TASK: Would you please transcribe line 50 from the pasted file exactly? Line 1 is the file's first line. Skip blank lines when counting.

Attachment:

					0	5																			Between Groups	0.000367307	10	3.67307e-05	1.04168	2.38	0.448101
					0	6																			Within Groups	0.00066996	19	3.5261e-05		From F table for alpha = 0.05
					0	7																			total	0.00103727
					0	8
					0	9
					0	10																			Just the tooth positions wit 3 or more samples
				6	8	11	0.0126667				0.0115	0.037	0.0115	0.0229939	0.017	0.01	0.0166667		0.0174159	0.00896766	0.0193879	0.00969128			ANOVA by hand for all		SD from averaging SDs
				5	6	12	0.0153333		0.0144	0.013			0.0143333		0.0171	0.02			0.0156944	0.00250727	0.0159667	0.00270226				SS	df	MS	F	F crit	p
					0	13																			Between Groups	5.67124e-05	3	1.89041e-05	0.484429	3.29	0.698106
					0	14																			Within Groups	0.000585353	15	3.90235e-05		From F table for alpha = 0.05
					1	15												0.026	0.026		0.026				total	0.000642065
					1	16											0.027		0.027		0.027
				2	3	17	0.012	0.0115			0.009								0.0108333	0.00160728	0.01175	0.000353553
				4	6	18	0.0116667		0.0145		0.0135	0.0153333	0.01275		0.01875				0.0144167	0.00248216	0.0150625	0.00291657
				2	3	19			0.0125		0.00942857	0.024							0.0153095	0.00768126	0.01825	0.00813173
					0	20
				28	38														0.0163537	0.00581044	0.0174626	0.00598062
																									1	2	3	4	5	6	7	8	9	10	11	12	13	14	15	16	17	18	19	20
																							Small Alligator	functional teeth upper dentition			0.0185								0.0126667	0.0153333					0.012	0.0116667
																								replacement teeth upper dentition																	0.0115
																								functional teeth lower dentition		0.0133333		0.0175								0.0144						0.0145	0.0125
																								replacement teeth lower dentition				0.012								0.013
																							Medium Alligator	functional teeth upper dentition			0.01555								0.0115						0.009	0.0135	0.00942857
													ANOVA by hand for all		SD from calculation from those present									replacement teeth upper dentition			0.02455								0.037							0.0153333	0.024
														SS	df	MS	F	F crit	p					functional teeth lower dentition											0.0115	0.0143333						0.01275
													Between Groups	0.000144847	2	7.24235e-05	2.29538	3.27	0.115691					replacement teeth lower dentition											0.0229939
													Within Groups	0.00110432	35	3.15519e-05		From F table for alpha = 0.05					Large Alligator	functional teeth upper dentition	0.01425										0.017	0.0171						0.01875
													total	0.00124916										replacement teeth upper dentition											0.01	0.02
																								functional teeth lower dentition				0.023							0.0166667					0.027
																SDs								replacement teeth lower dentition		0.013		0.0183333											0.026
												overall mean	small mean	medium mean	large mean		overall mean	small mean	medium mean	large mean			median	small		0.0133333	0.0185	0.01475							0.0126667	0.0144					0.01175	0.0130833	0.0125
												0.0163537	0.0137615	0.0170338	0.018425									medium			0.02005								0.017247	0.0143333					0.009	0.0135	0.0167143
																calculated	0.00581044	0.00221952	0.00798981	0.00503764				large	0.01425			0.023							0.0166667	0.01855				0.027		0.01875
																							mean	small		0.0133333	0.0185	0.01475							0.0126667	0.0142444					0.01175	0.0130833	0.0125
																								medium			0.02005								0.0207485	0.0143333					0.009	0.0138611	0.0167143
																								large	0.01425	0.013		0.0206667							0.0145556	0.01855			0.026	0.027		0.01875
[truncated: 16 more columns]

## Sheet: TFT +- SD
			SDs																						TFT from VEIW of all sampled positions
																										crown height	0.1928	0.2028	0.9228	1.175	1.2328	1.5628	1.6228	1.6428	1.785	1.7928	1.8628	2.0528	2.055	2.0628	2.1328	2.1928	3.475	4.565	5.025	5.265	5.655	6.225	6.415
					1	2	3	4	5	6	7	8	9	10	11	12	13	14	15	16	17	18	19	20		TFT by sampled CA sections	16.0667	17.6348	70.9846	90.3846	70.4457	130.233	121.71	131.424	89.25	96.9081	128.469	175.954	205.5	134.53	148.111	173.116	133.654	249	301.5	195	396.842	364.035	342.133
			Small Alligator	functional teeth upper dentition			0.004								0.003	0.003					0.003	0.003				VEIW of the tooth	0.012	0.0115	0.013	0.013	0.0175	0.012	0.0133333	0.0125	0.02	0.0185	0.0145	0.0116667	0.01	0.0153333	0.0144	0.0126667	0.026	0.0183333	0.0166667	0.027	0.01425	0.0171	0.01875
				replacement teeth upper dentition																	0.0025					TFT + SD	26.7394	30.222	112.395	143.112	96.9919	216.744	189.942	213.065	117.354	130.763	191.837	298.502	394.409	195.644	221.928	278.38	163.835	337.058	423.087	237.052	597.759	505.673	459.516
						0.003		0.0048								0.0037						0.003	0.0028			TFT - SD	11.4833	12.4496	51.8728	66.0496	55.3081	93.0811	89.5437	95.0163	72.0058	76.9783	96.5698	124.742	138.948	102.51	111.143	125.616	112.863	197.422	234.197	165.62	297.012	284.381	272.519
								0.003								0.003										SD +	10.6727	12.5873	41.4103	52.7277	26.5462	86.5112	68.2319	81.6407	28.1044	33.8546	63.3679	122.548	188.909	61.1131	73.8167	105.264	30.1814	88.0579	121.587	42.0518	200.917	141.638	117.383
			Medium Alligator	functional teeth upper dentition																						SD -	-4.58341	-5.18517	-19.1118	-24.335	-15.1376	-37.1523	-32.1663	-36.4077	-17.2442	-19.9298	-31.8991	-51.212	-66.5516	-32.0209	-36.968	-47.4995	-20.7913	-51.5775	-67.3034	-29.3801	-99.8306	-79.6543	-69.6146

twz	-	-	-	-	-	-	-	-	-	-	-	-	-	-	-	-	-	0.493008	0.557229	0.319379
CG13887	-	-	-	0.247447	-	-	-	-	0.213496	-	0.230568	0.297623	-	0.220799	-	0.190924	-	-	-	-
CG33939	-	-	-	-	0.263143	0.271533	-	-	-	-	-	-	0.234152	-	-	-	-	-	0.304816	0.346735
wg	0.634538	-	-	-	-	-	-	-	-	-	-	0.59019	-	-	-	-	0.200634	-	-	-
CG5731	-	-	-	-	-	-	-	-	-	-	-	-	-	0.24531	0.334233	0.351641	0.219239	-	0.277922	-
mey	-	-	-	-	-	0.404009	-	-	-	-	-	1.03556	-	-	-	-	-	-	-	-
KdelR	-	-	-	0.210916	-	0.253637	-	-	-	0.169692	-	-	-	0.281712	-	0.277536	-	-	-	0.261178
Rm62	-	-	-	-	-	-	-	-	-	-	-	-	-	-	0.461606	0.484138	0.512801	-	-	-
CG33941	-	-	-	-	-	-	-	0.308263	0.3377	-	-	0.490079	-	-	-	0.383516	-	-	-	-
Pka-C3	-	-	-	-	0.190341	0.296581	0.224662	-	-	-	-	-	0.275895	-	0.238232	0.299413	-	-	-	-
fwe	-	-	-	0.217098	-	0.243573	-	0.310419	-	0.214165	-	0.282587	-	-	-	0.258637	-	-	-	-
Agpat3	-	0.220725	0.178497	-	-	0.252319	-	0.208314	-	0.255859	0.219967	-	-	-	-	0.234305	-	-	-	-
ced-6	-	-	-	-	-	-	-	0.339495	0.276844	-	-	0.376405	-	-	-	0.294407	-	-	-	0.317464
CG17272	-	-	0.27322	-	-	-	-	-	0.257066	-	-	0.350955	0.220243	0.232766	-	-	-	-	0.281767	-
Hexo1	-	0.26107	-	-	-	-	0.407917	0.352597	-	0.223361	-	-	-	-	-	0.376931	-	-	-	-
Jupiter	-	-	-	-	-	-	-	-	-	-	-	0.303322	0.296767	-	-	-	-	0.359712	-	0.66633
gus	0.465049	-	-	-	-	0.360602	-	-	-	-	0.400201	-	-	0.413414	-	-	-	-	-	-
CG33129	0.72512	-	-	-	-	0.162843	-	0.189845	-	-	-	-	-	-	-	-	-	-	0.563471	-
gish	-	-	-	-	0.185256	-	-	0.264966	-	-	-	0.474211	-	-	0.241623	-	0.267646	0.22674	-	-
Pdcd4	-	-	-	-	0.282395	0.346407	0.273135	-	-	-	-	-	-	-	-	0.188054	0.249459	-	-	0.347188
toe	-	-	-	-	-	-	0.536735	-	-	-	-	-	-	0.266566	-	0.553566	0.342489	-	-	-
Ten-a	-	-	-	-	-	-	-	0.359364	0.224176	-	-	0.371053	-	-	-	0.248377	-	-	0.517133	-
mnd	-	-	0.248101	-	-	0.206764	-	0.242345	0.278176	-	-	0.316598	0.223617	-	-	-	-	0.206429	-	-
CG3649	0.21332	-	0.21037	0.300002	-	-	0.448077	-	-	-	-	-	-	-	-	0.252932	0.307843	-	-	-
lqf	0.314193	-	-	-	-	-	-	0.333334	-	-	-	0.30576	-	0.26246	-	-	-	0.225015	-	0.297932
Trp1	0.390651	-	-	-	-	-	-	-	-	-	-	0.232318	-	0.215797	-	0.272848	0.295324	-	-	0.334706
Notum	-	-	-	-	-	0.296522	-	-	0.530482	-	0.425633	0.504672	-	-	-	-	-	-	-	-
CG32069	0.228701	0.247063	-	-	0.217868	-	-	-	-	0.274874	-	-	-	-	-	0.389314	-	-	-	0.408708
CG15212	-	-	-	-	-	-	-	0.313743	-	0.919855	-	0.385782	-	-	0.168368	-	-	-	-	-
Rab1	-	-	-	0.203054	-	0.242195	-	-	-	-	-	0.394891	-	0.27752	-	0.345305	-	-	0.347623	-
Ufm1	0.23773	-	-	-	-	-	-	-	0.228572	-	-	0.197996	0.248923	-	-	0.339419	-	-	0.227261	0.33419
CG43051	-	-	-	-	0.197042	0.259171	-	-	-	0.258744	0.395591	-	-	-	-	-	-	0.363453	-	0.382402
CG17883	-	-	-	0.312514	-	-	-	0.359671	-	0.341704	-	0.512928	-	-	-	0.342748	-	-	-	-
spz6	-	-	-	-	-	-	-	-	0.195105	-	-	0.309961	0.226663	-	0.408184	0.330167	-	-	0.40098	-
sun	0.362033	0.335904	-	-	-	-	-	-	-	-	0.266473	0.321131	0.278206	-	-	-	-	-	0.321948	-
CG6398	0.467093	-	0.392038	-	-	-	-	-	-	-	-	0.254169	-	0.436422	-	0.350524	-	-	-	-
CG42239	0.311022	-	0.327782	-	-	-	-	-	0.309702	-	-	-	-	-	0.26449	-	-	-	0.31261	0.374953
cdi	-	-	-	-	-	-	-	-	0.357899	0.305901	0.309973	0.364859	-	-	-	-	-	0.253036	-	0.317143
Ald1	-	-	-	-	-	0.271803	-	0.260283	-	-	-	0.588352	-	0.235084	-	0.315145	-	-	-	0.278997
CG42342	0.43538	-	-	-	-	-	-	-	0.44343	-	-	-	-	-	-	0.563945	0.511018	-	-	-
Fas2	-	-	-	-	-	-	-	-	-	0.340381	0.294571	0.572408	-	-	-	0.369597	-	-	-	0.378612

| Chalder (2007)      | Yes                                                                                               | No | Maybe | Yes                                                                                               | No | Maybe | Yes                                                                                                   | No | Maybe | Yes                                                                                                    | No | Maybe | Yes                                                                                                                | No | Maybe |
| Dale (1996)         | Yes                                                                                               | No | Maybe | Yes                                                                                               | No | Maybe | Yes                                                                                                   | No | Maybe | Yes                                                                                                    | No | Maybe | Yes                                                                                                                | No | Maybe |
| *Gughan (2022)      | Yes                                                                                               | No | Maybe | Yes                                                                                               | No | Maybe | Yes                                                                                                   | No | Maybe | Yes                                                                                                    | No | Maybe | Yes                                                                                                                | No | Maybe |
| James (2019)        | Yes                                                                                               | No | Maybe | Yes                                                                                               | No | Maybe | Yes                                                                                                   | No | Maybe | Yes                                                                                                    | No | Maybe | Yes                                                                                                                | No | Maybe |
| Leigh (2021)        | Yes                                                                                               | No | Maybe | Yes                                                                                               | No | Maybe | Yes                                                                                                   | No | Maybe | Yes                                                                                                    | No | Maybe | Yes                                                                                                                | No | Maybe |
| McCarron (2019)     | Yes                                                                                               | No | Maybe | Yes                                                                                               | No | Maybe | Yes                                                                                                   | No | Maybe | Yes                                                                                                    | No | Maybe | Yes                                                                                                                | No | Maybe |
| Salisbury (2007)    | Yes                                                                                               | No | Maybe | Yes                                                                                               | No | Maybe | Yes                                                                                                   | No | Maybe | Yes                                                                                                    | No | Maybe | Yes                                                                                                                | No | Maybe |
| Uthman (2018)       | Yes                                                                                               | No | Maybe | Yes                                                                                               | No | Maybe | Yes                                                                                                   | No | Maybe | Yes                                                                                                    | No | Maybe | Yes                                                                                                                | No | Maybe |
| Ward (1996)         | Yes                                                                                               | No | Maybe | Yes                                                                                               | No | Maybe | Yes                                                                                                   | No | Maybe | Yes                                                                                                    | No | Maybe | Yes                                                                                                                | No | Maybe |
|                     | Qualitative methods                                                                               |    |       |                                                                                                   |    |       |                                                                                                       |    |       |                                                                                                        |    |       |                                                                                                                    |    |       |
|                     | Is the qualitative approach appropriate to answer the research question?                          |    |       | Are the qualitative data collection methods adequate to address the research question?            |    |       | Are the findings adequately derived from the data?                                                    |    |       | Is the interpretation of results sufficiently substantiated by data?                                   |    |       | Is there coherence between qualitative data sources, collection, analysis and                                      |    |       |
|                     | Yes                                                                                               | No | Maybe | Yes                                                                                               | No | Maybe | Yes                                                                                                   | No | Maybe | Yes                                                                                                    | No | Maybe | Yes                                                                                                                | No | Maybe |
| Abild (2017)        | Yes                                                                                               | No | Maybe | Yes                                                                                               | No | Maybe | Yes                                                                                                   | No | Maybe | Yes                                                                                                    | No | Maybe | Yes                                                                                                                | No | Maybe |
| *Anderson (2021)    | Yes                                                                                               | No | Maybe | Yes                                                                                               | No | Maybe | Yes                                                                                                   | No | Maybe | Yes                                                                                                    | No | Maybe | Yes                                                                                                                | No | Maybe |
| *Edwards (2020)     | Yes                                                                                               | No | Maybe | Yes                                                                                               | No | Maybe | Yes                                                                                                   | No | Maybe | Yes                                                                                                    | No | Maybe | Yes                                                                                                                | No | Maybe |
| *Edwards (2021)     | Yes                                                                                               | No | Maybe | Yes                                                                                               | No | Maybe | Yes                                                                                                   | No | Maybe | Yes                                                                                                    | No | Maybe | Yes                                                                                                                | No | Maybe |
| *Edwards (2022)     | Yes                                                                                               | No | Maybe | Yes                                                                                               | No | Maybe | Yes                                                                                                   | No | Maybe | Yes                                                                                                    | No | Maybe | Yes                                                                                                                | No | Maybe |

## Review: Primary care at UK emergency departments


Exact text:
wg	0.634538	-	-	-	-	-	-	-	-	-	-	0.59019	-	-	-	-	0.200634	-	-	-